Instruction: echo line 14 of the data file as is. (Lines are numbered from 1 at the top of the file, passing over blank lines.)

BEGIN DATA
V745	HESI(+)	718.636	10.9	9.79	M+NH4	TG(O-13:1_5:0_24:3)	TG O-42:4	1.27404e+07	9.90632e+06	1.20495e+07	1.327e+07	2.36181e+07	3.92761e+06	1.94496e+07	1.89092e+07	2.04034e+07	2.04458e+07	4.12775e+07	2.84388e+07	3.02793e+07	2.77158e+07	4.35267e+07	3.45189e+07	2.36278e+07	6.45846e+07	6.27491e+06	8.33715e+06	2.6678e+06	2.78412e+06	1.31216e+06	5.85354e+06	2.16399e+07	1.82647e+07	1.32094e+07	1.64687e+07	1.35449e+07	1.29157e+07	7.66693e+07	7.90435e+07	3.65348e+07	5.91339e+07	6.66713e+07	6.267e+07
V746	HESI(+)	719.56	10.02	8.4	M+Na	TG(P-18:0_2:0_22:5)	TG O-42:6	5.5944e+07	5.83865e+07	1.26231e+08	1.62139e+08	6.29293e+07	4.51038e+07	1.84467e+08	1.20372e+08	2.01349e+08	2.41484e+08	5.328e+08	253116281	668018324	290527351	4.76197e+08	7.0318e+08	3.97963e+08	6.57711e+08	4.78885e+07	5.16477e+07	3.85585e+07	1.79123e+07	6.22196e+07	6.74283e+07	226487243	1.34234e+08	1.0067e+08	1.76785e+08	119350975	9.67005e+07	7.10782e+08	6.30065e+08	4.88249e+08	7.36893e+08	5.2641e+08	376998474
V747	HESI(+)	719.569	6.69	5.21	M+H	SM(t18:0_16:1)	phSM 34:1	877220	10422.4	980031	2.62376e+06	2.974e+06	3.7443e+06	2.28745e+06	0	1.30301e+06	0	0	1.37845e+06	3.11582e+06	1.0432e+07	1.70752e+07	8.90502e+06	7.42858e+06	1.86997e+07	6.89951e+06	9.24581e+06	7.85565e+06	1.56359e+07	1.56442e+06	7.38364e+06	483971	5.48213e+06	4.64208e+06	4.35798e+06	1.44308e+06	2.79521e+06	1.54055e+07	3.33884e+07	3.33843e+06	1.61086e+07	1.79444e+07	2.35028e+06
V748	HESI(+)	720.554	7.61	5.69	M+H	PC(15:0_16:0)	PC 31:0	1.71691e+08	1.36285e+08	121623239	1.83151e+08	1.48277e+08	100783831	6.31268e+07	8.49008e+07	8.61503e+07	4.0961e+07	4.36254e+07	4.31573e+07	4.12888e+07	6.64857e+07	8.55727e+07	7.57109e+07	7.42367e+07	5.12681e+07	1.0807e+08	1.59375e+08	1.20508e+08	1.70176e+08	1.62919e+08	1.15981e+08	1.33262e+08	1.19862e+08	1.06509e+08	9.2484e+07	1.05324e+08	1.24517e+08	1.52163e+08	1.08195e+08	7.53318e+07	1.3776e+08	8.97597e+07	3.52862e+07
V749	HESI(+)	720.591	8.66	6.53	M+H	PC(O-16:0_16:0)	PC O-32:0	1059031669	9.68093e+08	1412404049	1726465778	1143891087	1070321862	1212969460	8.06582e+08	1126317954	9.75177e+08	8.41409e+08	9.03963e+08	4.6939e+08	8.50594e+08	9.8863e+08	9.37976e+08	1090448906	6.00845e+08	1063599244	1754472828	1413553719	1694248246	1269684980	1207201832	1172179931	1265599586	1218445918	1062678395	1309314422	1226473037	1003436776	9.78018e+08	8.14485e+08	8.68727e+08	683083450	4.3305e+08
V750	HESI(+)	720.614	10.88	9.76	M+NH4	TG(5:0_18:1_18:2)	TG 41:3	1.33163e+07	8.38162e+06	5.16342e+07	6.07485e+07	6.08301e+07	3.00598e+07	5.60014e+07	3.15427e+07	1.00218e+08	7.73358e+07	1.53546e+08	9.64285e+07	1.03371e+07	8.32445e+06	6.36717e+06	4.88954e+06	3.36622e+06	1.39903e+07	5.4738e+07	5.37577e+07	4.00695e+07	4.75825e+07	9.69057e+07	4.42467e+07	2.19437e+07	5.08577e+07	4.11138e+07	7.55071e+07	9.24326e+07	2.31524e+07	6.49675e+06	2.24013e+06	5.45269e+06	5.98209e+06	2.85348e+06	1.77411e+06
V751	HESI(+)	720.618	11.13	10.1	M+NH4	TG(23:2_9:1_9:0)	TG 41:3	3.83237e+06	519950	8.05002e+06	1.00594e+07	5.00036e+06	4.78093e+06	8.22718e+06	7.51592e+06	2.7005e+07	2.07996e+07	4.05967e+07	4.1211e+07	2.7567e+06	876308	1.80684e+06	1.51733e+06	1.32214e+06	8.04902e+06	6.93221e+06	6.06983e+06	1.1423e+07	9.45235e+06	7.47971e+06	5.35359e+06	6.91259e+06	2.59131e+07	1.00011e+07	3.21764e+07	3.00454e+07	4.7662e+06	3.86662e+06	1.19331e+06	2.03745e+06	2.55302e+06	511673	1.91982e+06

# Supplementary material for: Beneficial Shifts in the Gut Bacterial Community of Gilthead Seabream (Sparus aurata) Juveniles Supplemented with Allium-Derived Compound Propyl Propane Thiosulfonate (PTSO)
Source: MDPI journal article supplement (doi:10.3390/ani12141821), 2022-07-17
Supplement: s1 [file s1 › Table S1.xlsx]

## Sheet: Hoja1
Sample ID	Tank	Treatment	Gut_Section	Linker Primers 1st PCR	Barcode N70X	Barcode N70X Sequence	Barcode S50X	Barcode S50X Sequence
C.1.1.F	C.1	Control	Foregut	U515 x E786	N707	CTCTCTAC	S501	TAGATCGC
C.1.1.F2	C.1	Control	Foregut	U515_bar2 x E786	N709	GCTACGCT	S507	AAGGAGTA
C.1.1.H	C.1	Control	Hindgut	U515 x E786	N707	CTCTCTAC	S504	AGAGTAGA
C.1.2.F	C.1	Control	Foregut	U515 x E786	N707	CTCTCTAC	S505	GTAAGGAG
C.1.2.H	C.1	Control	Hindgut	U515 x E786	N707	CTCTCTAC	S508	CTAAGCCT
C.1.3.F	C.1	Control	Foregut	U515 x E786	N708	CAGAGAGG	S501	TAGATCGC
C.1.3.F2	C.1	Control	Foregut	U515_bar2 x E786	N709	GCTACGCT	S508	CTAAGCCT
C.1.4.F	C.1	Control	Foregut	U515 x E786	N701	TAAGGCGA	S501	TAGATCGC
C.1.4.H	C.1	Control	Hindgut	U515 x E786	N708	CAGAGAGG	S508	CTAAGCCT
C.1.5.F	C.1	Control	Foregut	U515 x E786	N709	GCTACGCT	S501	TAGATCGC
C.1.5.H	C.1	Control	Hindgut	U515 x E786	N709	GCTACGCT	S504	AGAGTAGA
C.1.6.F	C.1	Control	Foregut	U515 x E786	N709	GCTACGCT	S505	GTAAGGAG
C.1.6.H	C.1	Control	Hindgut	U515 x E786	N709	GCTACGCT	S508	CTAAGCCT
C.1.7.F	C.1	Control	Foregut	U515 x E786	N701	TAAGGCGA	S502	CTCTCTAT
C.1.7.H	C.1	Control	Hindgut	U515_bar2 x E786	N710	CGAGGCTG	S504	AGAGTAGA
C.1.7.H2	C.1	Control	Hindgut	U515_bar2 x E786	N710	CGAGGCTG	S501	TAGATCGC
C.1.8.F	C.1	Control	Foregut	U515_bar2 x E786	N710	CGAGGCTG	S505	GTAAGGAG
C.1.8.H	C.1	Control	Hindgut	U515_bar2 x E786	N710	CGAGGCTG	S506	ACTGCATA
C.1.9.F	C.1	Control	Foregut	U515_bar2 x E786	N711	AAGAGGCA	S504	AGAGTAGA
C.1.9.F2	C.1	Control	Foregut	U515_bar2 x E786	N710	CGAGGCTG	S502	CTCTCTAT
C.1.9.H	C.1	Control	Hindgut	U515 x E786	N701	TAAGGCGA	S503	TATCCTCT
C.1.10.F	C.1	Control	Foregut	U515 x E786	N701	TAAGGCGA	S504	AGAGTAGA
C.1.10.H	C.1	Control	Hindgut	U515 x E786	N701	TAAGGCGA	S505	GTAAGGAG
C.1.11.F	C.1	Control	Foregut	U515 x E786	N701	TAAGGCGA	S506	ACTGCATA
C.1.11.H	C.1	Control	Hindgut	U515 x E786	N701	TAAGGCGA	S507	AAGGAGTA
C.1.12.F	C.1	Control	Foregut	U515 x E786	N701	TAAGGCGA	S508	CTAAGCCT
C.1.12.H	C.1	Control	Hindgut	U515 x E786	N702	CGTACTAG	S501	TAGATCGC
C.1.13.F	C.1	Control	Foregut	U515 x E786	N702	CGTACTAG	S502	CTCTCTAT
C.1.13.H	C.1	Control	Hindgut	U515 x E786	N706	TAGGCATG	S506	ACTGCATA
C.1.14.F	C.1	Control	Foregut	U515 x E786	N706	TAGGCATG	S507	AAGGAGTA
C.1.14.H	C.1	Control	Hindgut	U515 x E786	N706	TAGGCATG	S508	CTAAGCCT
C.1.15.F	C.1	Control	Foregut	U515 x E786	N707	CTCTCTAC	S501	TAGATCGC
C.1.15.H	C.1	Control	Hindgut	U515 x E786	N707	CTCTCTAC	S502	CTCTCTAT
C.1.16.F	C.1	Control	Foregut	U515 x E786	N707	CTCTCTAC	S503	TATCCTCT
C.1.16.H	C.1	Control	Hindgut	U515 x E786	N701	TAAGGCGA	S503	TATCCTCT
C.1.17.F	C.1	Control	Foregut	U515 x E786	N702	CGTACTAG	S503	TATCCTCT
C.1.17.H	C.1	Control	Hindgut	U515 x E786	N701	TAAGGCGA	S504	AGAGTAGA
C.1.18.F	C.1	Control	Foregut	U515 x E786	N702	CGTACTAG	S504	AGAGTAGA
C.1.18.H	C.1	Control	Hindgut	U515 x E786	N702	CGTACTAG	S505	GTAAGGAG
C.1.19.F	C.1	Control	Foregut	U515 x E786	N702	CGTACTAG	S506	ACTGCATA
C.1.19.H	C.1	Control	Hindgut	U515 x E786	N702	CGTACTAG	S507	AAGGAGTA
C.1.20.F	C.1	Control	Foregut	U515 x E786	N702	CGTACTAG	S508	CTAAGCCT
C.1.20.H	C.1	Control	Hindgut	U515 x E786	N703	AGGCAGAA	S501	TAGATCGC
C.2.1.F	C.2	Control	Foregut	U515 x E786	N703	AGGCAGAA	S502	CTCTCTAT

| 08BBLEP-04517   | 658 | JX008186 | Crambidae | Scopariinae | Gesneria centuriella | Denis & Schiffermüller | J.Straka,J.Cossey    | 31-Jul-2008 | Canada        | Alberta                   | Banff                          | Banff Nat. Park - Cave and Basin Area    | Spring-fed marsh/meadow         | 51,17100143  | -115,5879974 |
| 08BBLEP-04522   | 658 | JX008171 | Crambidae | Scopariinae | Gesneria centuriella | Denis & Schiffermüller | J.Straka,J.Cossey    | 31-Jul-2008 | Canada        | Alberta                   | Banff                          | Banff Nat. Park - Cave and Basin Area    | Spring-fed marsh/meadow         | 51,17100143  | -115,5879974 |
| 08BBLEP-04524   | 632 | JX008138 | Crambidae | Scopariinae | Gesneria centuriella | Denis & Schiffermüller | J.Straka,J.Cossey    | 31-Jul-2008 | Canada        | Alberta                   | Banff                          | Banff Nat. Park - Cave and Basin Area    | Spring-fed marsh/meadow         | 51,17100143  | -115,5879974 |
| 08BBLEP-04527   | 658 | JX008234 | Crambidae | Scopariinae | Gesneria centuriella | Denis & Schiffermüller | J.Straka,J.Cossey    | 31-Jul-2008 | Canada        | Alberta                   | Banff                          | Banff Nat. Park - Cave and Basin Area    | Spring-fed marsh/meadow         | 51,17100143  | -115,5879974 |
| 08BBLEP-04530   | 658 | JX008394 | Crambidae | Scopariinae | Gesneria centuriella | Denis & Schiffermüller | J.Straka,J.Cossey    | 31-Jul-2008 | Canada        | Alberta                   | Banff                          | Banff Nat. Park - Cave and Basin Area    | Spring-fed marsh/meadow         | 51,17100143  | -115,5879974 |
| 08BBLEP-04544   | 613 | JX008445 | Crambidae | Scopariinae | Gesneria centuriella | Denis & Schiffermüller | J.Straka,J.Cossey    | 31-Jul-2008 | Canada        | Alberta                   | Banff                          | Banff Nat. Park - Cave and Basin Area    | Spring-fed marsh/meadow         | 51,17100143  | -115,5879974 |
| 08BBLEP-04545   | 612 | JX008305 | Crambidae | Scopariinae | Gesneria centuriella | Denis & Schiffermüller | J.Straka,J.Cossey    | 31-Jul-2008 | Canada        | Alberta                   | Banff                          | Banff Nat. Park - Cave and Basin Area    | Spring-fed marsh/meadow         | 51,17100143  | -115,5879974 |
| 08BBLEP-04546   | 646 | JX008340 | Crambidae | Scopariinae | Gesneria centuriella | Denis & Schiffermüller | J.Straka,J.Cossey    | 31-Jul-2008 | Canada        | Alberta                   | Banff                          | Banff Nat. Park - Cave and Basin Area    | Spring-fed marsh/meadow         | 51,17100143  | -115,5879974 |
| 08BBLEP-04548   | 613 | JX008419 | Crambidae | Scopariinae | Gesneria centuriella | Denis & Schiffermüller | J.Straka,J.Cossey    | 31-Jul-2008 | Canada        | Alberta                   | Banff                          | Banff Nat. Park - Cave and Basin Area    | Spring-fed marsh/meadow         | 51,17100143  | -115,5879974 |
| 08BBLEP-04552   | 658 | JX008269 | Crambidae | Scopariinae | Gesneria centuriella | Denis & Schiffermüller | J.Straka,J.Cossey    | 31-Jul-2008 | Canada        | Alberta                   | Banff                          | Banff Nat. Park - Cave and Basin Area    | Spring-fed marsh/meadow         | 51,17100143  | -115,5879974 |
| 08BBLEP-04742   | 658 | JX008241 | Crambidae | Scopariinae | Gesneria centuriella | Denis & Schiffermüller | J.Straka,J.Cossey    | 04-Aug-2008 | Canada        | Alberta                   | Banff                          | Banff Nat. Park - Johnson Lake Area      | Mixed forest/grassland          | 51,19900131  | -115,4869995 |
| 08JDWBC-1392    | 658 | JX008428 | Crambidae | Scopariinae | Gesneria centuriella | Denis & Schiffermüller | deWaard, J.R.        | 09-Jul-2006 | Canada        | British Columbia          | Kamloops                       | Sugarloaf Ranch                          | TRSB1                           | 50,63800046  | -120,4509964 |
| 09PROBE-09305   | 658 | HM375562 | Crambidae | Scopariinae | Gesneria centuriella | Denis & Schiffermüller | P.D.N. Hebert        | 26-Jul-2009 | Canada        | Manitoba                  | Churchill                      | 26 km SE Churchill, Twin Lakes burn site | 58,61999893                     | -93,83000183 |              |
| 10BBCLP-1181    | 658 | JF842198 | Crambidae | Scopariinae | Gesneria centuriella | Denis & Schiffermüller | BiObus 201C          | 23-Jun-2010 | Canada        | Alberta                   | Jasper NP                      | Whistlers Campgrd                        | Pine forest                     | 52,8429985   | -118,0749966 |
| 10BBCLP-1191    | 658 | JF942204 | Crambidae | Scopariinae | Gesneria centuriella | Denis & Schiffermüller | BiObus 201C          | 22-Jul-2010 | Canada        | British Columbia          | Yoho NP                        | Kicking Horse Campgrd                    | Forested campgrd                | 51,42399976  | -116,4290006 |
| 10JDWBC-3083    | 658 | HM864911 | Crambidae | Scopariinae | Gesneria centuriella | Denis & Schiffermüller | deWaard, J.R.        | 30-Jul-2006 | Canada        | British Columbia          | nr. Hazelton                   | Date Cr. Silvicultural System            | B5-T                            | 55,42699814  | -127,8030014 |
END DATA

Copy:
C.1.1.F2	C.1	Control	Foregut	U515_bar2 x E786	N709	GCTACGCT	S507	AAGGAGTA